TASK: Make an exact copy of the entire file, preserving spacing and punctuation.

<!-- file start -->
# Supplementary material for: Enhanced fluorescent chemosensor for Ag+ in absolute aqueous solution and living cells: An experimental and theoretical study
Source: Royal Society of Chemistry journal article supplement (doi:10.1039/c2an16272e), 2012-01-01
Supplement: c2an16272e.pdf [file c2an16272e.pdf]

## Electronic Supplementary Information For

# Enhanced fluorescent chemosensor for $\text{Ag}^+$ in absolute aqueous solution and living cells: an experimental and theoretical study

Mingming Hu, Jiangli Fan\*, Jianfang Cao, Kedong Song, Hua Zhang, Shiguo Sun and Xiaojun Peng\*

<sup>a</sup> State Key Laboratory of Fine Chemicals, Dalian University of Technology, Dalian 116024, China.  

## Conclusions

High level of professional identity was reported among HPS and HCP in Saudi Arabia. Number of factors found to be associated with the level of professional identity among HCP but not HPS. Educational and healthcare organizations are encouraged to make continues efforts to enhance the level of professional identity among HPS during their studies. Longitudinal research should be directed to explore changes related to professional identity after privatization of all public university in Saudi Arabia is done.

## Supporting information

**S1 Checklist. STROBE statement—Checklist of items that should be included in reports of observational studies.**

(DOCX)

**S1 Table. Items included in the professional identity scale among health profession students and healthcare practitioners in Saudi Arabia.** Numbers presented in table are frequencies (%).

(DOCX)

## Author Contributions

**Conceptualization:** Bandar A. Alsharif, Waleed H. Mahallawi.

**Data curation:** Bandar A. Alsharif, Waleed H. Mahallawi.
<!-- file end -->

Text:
# Supplementary material for: Enhanced fluorescent chemosensor for Ag+ in absolute aqueous solution and living cells: An experimental and theoretical study
Source: Royal Society of Chemistry journal article supplement (doi:10.1039/c2an16272e), 2012-01-01
Supplement: c2an16272e.pdf [file c2an16272e.pdf]

## Electronic Supplementary Information For

# Enhanced fluorescent chemosensor for $\text{Ag}^+$ in absolute aqueous solution and living cells: an experimental and theoretical study

Mingming Hu, Jiangli Fan\*, Jianfang Cao, Kedong Song, Hua Zhang, Shiguo Sun and Xiaojun Peng\*

<sup>a</sup> State Key Laboratory of Fine Chemicals, Dalian University of Technology, Dalian 116024, China.  

## Conclusions

High level of professional identity was reported among HPS and HCP in Saudi Arabia. Number of factors found to be associated with the level of professional identity among HCP but not HPS. Educational and healthcare organizations are encouraged to make continues efforts to enhance the level of professional identity among HPS during their studies. Longitudinal research should be directed to explore changes related to professional identity after privatization of all public university in Saudi Arabia is done.

## Supporting information

**S1 Checklist. STROBE statement—Checklist of items that should be included in reports of observational studies.**

(DOCX)

**S1 Table. Items included in the professional identity scale among health profession students and healthcare practitioners in Saudi Arabia.** Numbers presented in table are frequencies (%).

(DOCX)

## Author Contributions

**Conceptualization:** Bandar A. Alsharif, Waleed H. Mahallawi.

**Data curation:** Bandar A. Alsharif, Waleed H. Mahallawi.